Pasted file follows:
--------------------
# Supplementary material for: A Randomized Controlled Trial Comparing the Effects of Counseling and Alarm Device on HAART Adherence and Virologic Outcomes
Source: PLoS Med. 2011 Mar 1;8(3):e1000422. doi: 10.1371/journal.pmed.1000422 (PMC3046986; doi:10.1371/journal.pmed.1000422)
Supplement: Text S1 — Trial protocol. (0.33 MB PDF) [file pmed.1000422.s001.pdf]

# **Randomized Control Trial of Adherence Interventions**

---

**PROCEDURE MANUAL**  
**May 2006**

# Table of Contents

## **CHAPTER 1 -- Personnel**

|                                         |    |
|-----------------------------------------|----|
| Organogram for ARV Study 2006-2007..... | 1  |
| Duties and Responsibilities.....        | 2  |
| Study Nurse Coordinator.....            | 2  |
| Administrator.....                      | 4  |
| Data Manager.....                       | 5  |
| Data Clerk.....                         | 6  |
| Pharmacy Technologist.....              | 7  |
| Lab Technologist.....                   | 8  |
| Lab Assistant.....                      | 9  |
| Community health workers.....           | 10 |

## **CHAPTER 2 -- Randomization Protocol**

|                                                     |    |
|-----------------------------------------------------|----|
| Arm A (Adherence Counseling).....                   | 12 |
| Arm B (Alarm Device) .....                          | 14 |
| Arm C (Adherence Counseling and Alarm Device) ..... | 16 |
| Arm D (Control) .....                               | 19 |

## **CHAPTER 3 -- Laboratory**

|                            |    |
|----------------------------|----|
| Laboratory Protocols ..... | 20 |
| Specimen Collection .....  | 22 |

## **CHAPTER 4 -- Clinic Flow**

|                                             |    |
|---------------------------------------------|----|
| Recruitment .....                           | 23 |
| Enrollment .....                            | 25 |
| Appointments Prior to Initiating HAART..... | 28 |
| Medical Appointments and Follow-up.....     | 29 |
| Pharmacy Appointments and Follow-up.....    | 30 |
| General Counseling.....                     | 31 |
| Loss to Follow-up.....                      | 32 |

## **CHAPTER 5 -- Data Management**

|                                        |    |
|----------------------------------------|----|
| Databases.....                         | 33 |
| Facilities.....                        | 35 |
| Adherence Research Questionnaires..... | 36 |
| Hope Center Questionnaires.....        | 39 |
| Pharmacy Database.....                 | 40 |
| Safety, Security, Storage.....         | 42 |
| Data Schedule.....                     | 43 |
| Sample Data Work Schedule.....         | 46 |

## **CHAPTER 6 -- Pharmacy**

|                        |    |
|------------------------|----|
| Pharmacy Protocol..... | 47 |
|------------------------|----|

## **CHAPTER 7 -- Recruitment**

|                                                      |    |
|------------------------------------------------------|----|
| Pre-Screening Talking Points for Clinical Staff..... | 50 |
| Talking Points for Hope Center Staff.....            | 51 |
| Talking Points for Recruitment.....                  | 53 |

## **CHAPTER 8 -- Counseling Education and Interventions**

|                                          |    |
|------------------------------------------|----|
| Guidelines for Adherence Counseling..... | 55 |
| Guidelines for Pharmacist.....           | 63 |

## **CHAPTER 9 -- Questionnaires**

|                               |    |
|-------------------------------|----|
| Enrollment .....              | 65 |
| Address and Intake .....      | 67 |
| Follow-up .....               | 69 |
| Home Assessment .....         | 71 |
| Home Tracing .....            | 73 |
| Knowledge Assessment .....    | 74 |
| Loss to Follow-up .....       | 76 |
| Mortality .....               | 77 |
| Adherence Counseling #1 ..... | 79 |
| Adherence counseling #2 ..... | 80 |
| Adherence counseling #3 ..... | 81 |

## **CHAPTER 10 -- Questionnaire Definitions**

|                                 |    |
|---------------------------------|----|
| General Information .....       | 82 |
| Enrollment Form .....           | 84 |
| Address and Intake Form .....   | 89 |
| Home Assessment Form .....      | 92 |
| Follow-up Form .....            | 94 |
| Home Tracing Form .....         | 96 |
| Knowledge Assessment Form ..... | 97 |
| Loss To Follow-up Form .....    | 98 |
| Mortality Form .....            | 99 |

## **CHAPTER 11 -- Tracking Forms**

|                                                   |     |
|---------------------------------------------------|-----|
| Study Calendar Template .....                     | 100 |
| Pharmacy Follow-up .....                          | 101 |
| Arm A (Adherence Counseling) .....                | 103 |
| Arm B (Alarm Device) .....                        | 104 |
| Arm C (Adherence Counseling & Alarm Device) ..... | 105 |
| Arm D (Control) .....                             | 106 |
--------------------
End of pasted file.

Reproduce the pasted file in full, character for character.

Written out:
# Supplementary material for: A Randomized Controlled Trial Comparing the Effects of Counseling and Alarm Device on HAART Adherence and Virologic Outcomes
Source: PLoS Med. 2011 Mar 1;8(3):e1000422. doi: 10.1371/journal.pmed.1000422 (PMC3046986; doi:10.1371/journal.pmed.1000422)
Supplement: Text S1 — Trial protocol. (0.33 MB PDF) [file pmed.1000422.s001.pdf]

# **Randomized Control Trial of Adherence Interventions**

---

**PROCEDURE MANUAL**  
**May 2006**

# Table of Contents

## **CHAPTER 1 -- Personnel**

|                                         |    |
|-----------------------------------------|----|
| Organogram for ARV Study 2006-2007..... | 1  |
| Duties and Responsibilities.....        | 2  |
| Study Nurse Coordinator.....            | 2  |
| Administrator.....                      | 4  |
| Data Manager.....                       | 5  |
| Data Clerk.....                         | 6  |
| Pharmacy Technologist.....              | 7  |
| Lab Technologist.....                   | 8  |
| Lab Assistant.....                      | 9  |
| Community health workers.....           | 10 |

## **CHAPTER 2 -- Randomization Protocol**

|                                                     |    |
|-----------------------------------------------------|----|
| Arm A (Adherence Counseling).....                   | 12 |
| Arm B (Alarm Device) .....                          | 14 |
| Arm C (Adherence Counseling and Alarm Device) ..... | 16 |
| Arm D (Control) .....                               | 19 |

## **CHAPTER 3 -- Laboratory**

|                            |    |
|----------------------------|----|
| Laboratory Protocols ..... | 20 |
| Specimen Collection .....  | 22 |

## **CHAPTER 4 -- Clinic Flow**

|                                             |    |
|---------------------------------------------|----|
| Recruitment .....                           | 23 |
| Enrollment .....                            | 25 |
| Appointments Prior to Initiating HAART..... | 28 |
| Medical Appointments and Follow-up.....     | 29 |
| Pharmacy Appointments and Follow-up.....    | 30 |
| General Counseling.....                     | 31 |
| Loss to Follow-up.....                      | 32 |

## **CHAPTER 5 -- Data Management**

|                                        |    |
|----------------------------------------|----|
| Databases.....                         | 33 |
| Facilities.....                        | 35 |
| Adherence Research Questionnaires..... | 36 |
| Hope Center Questionnaires.....        | 39 |
| Pharmacy Database.....                 | 40 |
| Safety, Security, Storage.....         | 42 |
| Data Schedule.....                     | 43 |
| Sample Data Work Schedule.....         | 46 |

## **CHAPTER 6 -- Pharmacy**

|                        |    |
|------------------------|----|
| Pharmacy Protocol..... | 47 |
|------------------------|----|

## **CHAPTER 7 -- Recruitment**

|                                                      |    |
|------------------------------------------------------|----|
| Pre-Screening Talking Points for Clinical Staff..... | 50 |
| Talking Points for Hope Center Staff.....            | 51 |
| Talking Points for Recruitment.....                  | 53 |

## **CHAPTER 8 -- Counseling Education and Interventions**

|                                          |    |
|------------------------------------------|----|
| Guidelines for Adherence Counseling..... | 55 |
| Guidelines for Pharmacist.....           | 63 |

## **CHAPTER 9 -- Questionnaires**

|                               |    |
|-------------------------------|----|
| Enrollment .....              | 65 |
| Address and Intake .....      | 67 |
| Follow-up .....               | 69 |
| Home Assessment .....         | 71 |
| Home Tracing .....            | 73 |
| Knowledge Assessment .....    | 74 |
| Loss to Follow-up .....       | 76 |
| Mortality .....               | 77 |
| Adherence Counseling #1 ..... | 79 |
| Adherence counseling #2 ..... | 80 |
| Adherence counseling #3 ..... | 81 |

## **CHAPTER 10 -- Questionnaire Definitions**

|                                 |    |
|---------------------------------|----|
| General Information .....       | 82 |
| Enrollment Form .....           | 84 |
| Address and Intake Form .....   | 89 |
| Home Assessment Form .....      | 92 |
| Follow-up Form .....            | 94 |
| Home Tracing Form .....         | 96 |
| Knowledge Assessment Form ..... | 97 |
| Loss To Follow-up Form .....    | 98 |
| Mortality Form .....            | 99 |

## **CHAPTER 11 -- Tracking Forms**

|                                                   |     |
|---------------------------------------------------|-----|
| Study Calendar Template .....                     | 100 |
| Pharmacy Follow-up .....                          | 101 |
| Arm A (Adherence Counseling) .....                | 103 |
| Arm B (Alarm Device) .....                        | 104 |
| Arm C (Adherence Counseling & Alarm Device) ..... | 105 |
| Arm D (Control) .....                             | 106 |